By some figures, 50 of cases, the cause of hair loss in women is due to androgenic alopecia, or female pattern baldness.
What is Female Hair Loss?
Female hair loss is a genetic condition inherited from either parent. The genetically pretentious hair follicles in women experiencing female hair loss are susceptible to a byproduct of testosterone called dihydrotestosterone, or DHT, which causes the hair follicle to shed the normal hair and produce thinner, shorter, colorless hair. This peach-fuzz hair makes the scalp look thinner, and over time, the miniaturized hair follicles atrophy and die, causing permanent hair loss known as balding. There is no peach-fuzz hair in balding areas, and the scalp appears tight and shiny.
Baldness is an unalterable condition. Once the hair follicle has atrophied, it is gone forever. This would be similar to losing any other body part, and since we are not able to reproduce our body parts, there are no female hair loss products or remedies that can force the body to produce a new hair follicle.
Causes of Female Pattern Hair Loss
Women, just like men, inherit the gene for thinning hair from either parent. In women, testosterone is produced in the adrenal glands and the ovaries. Although testosterone gets converted to DHT in a woman’s body, it cannot cause female hair loss due to the protective effects of estrogen and progesterone. These hormones reduce DHT production and block DHT’s attachment to the hair follicle as long as they are present in adequate amounts. Any condition that can cause a decreased production of estrogen and progesterone or overproduction of DHT can cause thinning hair in genetically predisposed women. In women, hair loss can start at any age after puberty, but in most cases it occurs with menopause. The normal production of female hormones drops drastically during menopause, lowering a woman’s natural protection against thinning hair.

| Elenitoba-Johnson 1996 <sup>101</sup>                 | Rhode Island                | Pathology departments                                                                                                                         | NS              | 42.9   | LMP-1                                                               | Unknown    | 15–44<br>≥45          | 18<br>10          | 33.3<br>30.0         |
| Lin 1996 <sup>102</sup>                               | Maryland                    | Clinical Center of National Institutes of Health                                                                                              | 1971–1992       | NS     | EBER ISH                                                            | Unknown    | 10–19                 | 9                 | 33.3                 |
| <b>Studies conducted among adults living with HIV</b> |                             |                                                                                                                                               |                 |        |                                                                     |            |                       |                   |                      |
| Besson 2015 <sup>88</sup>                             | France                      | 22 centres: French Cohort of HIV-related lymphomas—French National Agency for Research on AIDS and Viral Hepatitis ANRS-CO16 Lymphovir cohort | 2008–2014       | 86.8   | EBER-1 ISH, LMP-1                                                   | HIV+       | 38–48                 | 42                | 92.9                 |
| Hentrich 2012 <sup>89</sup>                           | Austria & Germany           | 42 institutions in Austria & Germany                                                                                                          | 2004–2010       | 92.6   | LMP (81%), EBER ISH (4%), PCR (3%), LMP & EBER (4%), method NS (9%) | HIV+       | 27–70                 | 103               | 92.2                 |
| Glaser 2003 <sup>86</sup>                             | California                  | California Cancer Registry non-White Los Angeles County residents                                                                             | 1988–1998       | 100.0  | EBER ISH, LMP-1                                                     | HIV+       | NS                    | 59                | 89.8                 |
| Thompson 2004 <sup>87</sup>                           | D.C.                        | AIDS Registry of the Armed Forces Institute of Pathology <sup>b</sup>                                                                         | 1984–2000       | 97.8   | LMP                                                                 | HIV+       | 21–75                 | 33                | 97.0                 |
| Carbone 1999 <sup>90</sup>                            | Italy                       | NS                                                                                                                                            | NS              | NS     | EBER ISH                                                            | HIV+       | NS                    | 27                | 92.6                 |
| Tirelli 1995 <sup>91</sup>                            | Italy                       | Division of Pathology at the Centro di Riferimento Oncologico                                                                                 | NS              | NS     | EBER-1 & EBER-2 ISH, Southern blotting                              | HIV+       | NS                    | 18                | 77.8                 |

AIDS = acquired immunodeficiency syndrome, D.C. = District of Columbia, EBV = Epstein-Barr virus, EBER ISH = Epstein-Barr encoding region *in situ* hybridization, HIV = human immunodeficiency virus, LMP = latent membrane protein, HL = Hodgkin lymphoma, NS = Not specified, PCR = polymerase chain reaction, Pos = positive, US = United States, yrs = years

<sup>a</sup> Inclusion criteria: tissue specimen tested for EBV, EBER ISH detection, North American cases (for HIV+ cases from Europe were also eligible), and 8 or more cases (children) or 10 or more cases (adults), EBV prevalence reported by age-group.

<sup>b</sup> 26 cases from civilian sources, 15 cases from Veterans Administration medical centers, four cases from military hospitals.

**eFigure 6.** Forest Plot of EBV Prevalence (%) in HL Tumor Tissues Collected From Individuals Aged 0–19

Hair loss in pre-menopausal women indicates an abnormal hormonal imbalance that requires medical investigation and appropriate treatment.
In post-menopausal women, hormone replacement therapy restores the normal hormonal levels and stops the process. In cases where hormonal replacement therapy is not recommended, the only other available medical option is Rogaine 2%. Although Rogaine activates the follicle’s growth phase, it has no effect on the DHT production that eventually leads to hair-follicle atrophy.